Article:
Overexpression of Tau protein in breast cancer cells is identified as an indicator for potential resistance to taxane-based therapy. As reported findings have been obtained mostly from clinical studies, the undetermined underlying mechanism of such drug resistance needs to be thoroughly explored through comprehensive in vitro evaluations. Tau and Taxol bind to the beta tubulin site in microtubules’ structure. This is of particular interest in breast cancer, as microtubules of these cancer cells are structurally distinct from some other microtubules, such as neuronal microtubules, due to their unique beta tubulin isotype distribution. The observed changes in the in vitro polymerization of breast cancer microtubules, and the different function of some molecular motors along them, leave open the possibility that the drug resistance mechanism can potentially be associated with different responses of these microtubules to Tau and Taxol. We carried out a series of parallel experiments to allow comparison of the in vitro dual effect of Tau and Taxol on the polymerization of MCF7 microtubules. We observed a concentration-dependent demotion-like alteration in the self-polymerization kinetics of Tau-induced MCF7 microtubules. In contrast, microtubules polymerized under the simultaneous effects of Tau and Taxol showed promoted assembly as compared with those observed in Tau-induced microtubules. The analysis of our data obtained from the length of MCF7 microtubules polymerized under the interaction with Tau and Taxol in vitro suggests that the phenomenon known as drug resistance in microtubule-targeted drugs such as Taxol may not be directly linked to the different responses of microtubules to the drug. The effect of the drug may be mitigated due to the simultaneous interactions with other microtubule-associated proteins such as Tau protein. The observed regulatory effect of Tau and Taxol on the polymerization of breast cancer microtubules in vitro points to additional evidence for the possible role of tubulin isotypes in microtubules’ functions.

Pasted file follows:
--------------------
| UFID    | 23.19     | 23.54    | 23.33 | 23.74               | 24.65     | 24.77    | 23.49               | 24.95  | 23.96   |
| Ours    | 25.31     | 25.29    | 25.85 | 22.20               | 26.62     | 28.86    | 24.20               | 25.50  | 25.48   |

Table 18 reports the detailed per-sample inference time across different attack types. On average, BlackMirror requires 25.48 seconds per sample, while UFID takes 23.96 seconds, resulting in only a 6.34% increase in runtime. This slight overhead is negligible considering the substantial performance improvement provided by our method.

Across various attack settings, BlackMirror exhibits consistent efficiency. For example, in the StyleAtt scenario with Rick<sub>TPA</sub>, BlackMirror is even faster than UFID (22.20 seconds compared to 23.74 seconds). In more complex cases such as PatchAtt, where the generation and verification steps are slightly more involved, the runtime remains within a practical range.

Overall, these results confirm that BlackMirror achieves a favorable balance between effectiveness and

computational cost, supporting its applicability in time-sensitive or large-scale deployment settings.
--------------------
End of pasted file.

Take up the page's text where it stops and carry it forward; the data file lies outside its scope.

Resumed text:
This is an open access article distributed under the Creative Commons Attribution License
which permits unrestricted use, distribution, and reproduction in any medium, provided the original work is properly cited